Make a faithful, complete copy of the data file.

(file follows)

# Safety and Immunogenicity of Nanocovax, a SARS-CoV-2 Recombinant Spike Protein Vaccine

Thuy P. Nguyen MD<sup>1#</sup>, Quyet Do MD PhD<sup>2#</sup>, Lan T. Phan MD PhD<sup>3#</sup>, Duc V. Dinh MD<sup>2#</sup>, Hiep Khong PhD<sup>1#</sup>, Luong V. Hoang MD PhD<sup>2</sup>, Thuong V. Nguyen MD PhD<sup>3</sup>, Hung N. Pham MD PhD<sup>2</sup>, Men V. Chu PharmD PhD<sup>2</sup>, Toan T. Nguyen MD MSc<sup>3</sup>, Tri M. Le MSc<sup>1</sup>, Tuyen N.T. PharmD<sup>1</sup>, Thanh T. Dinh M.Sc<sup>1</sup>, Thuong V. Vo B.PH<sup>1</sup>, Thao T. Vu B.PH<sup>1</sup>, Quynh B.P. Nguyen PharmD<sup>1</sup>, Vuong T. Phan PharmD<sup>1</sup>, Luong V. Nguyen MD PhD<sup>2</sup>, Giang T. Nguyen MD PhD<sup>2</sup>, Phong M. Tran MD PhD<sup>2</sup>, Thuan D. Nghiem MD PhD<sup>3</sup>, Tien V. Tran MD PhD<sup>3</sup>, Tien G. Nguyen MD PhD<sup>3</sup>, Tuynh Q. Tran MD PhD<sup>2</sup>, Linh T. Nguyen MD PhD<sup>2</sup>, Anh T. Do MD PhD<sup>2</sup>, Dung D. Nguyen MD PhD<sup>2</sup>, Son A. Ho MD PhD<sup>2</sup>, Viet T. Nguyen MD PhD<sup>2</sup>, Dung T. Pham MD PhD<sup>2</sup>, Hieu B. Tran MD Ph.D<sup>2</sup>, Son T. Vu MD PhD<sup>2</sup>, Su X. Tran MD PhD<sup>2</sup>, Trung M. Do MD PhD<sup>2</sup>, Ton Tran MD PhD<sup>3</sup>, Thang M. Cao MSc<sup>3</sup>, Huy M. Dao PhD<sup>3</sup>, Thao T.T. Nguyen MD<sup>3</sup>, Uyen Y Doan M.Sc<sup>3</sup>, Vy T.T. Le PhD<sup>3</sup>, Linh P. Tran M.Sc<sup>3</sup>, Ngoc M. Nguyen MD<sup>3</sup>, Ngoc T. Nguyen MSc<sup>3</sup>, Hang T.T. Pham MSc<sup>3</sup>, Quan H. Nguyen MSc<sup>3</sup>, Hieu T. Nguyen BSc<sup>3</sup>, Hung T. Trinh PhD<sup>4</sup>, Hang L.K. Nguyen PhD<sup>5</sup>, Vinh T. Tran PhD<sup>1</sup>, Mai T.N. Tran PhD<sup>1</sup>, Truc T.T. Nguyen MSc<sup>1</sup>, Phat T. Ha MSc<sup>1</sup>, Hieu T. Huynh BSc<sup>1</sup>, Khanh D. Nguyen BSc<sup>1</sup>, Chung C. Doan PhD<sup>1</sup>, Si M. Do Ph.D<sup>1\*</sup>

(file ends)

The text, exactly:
# Safety and Immunogenicity of Nanocovax, a SARS-CoV-2 Recombinant Spike Protein Vaccine

Thuy P. Nguyen MD<sup>1#</sup>, Quyet Do MD PhD<sup>2#</sup>, Lan T. Phan MD PhD<sup>3#</sup>, Duc V. Dinh MD<sup>2#</sup>, Hiep Khong PhD<sup>1#</sup>, Luong V. Hoang MD PhD<sup>2</sup>, Thuong V. Nguyen MD PhD<sup>3</sup>, Hung N. Pham MD PhD<sup>2</sup>, Men V. Chu PharmD PhD<sup>2</sup>, Toan T. Nguyen MD MSc<sup>3</sup>, Tri M. Le MSc<sup>1</sup>, Tuyen N.T. PharmD<sup>1</sup>, Thanh T. Dinh M.Sc<sup>1</sup>, Thuong V. Vo B.PH<sup>1</sup>, Thao T. Vu B.PH<sup>1</sup>, Quynh B.P. Nguyen PharmD<sup>1</sup>, Vuong T. Phan PharmD<sup>1</sup>, Luong V. Nguyen MD PhD<sup>2</sup>, Giang T. Nguyen MD PhD<sup>2</sup>, Phong M. Tran MD PhD<sup>2</sup>, Thuan D. Nghiem MD PhD<sup>3</sup>, Tien V. Tran MD PhD<sup>3</sup>, Tien G. Nguyen MD PhD<sup>3</sup>, Tuynh Q. Tran MD PhD<sup>2</sup>, Linh T. Nguyen MD PhD<sup>2</sup>, Anh T. Do MD PhD<sup>2</sup>, Dung D. Nguyen MD PhD<sup>2</sup>, Son A. Ho MD PhD<sup>2</sup>, Viet T. Nguyen MD PhD<sup>2</sup>, Dung T. Pham MD PhD<sup>2</sup>, Hieu B. Tran MD Ph.D<sup>2</sup>, Son T. Vu MD PhD<sup>2</sup>, Su X. Tran MD PhD<sup>2</sup>, Trung M. Do MD PhD<sup>2</sup>, Ton Tran MD PhD<sup>3</sup>, Thang M. Cao MSc<sup>3</sup>, Huy M. Dao PhD<sup>3</sup>, Thao T.T. Nguyen MD<sup>3</sup>, Uyen Y Doan M.Sc<sup>3</sup>, Vy T.T. Le PhD<sup>3</sup>, Linh P. Tran M.Sc<sup>3</sup>, Ngoc M. Nguyen MD<sup>3</sup>, Ngoc T. Nguyen MSc<sup>3</sup>, Hang T.T. Pham MSc<sup>3</sup>, Quan H. Nguyen MSc<sup>3</sup>, Hieu T. Nguyen BSc<sup>3</sup>, Hung T. Trinh PhD<sup>4</sup>, Hang L.K. Nguyen PhD<sup>5</sup>, Vinh T. Tran PhD<sup>1</sup>, Mai T.N. Tran PhD<sup>1</sup>, Truc T.T. Nguyen MSc<sup>1</sup>, Phat T. Ha MSc<sup>1</sup>, Hieu T. Huynh BSc<sup>1</sup>, Khanh D. Nguyen BSc<sup>1</sup>, Chung C. Doan PhD<sup>1</sup>, Si M. Do Ph.D<sup>1\*</sup>